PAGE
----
Tuesday, September 01, 2015

A Defense of the Rights of Artificial Intelligences

... a new essay in draft, which I've done collaboratively with a student named Mara (whose last name is currently in flux and not finally settled).

This essay draws together ideas from several past blog posts including:
  • Our Possible Imminent Divinity (Jan. 2, 2014)
  • Our Moral Duties to Artificial Intelligences (Jan. 14, 2015)
  • Two Arguments for AI (or Robot) Rights (Jan. 16, 2015)
  • How Robots and Monsters Might Break Human Moral Systems (Feb. 3, 2015)
  • Cute AI and the ASIMO Problem (July 24, 2015)
  • How Weird Minds Might Destabilize Ethics (Aug. 3, 2015)
  • ------------------------------------------

    Abstract:

    There are possible artificially intelligent beings who do not differ in any morally relevant respect from human beings. Such possible beings would deserve moral consideration similar to that of human beings. Our duties to them would not be appreciably reduced by the fact that they are non-human, nor by the fact that they owe their existence to us. Indeed, if they owe their existence to us, we would likely have additional moral obligations to them that we don’t ordinarily owe to human strangers – obligations similar to those of parent to child or god to creature. Given our moral obligations to such AIs, two principles for ethical AI design recommend themselves: (1) design AIs that tend to provoke reactions from users that accurately reflect the AIs’ real moral status, and (2) avoid designing AIs whose moral status is unclear. Since human moral intuition and moral theory evolved and developed in contexts without AI, those intuitions and theories might break down or become destabilized when confronted with the wide range of weird minds that AI design might make possible.

    Full version available here.

    As always, comments warmly welcomed -- either by email or on this blog post. We're submitting it to a special issue of Midwest Studies with a hard deadline of September 15, so comments before that deadline would be especially useful.

    [image source]

    10 comments:

    Lukasz Stafiniak said...

    Do you have recommendations on which side of the moral disambiguation ought to be pursued? Should we try to design very capable AIs as tools, or as persons?

    Eric Schwitzgebel said...

    Persons seems to me the riskier course, but with the more potential benefit down the road. We would want to be very careful about it, both out of concern for those persons themselves and because *perhaps* AIs as persons pose more of a potential risk recently emphasized by Bostrom (depending on what distinguishes persons from non-persons, among AIs). So I'd say keep it at tools unless we're sure we can make a very well thought-out leap with a good assessment of the risks.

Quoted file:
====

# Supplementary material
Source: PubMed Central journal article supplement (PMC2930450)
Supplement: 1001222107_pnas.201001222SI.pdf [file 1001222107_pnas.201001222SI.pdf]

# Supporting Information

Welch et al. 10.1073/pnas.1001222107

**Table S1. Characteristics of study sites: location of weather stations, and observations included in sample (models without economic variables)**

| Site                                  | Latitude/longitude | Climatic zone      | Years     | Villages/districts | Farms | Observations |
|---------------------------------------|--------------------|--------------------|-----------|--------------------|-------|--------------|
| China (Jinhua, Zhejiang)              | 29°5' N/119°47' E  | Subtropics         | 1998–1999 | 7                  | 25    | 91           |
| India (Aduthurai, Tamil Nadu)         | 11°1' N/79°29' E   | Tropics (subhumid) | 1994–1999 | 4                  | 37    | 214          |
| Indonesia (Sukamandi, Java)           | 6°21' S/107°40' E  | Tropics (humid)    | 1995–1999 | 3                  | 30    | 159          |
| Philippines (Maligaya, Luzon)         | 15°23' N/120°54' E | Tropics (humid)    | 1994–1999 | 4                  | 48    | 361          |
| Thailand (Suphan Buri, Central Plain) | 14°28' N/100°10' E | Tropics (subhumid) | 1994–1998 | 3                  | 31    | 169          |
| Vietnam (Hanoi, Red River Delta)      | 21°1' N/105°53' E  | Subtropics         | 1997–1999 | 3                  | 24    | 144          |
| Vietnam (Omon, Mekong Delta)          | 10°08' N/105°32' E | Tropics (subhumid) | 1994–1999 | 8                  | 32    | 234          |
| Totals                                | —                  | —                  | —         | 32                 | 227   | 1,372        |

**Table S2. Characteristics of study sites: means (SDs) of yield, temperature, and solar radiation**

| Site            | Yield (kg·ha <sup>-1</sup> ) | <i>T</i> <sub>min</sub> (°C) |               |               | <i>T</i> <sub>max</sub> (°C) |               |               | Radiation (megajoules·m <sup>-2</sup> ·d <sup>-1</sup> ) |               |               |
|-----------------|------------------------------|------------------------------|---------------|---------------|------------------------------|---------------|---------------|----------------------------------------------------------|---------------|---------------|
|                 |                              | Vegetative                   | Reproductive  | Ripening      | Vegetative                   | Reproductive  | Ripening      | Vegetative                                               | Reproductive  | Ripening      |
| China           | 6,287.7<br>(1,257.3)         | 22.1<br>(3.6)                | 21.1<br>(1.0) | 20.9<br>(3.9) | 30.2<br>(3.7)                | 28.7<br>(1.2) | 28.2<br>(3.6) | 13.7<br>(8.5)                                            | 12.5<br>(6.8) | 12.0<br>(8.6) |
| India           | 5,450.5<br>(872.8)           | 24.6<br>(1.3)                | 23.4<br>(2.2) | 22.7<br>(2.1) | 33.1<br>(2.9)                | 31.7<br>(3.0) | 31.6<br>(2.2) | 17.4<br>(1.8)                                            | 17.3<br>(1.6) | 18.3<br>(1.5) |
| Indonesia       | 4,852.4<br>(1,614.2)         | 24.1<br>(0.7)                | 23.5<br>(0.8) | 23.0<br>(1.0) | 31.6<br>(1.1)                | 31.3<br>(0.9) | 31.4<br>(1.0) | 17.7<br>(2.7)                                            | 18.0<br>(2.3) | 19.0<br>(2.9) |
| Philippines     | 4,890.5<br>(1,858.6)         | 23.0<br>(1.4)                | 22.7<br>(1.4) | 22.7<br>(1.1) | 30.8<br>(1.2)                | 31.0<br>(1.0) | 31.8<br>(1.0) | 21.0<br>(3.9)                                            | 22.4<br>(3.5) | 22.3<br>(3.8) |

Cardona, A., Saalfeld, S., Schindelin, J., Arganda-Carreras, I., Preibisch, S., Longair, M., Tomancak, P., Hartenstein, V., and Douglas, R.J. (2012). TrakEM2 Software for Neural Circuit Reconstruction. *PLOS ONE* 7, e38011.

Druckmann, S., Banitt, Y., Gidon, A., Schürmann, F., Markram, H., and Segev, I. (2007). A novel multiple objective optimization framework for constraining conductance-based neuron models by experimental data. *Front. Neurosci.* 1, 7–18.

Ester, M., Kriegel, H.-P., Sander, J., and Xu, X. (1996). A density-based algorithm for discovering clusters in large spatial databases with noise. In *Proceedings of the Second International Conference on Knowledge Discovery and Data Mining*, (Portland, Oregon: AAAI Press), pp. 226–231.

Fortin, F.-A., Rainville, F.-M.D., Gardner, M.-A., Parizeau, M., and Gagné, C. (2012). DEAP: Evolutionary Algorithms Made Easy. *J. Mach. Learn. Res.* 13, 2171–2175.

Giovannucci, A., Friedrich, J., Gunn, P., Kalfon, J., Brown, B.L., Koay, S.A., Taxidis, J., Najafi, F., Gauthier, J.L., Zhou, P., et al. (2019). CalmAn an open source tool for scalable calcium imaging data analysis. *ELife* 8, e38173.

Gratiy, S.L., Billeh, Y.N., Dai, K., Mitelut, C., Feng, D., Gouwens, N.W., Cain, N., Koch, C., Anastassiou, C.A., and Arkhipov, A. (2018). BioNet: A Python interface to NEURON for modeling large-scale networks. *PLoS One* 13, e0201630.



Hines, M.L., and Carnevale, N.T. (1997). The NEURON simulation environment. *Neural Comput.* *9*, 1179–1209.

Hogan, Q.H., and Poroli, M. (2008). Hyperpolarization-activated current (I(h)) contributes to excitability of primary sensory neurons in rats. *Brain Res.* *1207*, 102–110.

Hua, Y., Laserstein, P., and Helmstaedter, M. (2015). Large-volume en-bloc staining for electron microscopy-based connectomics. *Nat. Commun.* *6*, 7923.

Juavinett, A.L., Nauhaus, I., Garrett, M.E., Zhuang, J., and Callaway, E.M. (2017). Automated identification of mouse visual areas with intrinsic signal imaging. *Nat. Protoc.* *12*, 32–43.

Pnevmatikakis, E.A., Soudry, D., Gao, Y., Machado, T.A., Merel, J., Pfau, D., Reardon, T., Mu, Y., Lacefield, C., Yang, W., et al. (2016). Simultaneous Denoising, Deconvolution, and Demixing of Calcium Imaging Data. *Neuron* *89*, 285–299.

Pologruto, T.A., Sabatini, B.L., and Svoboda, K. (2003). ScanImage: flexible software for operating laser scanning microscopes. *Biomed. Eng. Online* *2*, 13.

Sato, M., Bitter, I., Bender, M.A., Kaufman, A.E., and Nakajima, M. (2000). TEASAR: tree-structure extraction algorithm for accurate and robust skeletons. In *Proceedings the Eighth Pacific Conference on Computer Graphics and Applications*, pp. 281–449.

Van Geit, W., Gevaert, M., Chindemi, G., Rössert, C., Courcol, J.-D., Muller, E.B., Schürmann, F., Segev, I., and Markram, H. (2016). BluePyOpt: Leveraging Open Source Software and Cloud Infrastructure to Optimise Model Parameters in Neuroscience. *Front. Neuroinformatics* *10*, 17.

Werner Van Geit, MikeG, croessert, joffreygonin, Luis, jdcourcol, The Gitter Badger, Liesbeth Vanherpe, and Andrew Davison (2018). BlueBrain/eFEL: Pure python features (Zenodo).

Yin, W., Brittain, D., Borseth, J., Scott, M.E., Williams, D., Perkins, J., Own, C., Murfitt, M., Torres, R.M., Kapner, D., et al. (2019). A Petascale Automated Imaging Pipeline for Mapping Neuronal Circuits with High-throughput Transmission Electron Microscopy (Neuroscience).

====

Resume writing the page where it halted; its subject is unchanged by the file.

Callan S. said...

    Can't say I get how this applies - currently the cultural gravitation seems to be toward building AI's for, what one might say, the purpose of slavery.

    Are the idea of rights for them supposed to head off their construction (for the purposes of slavery) at the pass, so to speak? That makes sense.

    Unknown said...

    Do inanimate existences occur in the universe...
    This direction when narrowly focused for moral A1 designs, subjects the "rights" of A1 to a place in a horizontal hierarchy and limits its to being to the biological processes only so far found in life...
    As indicated in the abstract our hierarchical place, in part, is a being obligation vertically before or above A1...

    Callan S. said...

    What do you mean by inanimate, unknown?

    Does your brain move around?

    chinaphil said...

    Nice essay - lovely example of one of your multi-pronged arguments.
    I wonder, though, about the dignity of the AIs? Once they achieve moral parity with humans, we have a duty to allow them to mostly self-determine. Messing with their parameters isn't less morally sticky just because we do it pre-birth. I worry that your recommendations here are a kind of eugenics.
    I'm not absolutely against eugenics, but it's a worry. Obviously we'd have to be constantly on guard against, say, not giving our AIs black skin to make them more relatable. I wonder if we might not end up in the same place as we are with eugenics, just avoiding it completely because it's a minefield.

    Eric Schwitzgebel said...

    Thanks for the kind words, chinaphil!

    The eugenics comparison is troubling. I'm inclined to think you're right that we should mention it, and that it might turn out to be such a minefield that people avoid tweaking parameters pre-birth just to avoid that minefield. However, if AIs prove to be *very* useful if properly tweaked, it might be hard for the culture to resist, or it might even turn out that cultures/subcultures that don't have eugenic qualms outcompete the ones that do....

    Unknown said...

    Callan S...that we are ourselves-involved, in part, as animate existences in observation...
    ...then morality can be involved from the influence of observation...

    googled "Does your brain move around?" Hmmmm...

    Callan S. said...

    The whole animate/inanimate distinction thing is nice to make, but to actually base anything around it...it's like trying to base a philosophy on the basis of not liking pickles or something else equally subjective.

    Anyway, you say animate - ignoring the body, how animate is your brain by itself? Not very at all, maybe?

    Unknown said...

    Callan S. In keeping the ideas that may influence Eric's essay simple and partial is my focus...
    Then 'animate/inanimate distinction' can also include distinction from observation...in this format it becomes a description exercise that suggests everything to relationships..like A1 morality to place, related in the universe...'Anyway-maybe' Hmmmm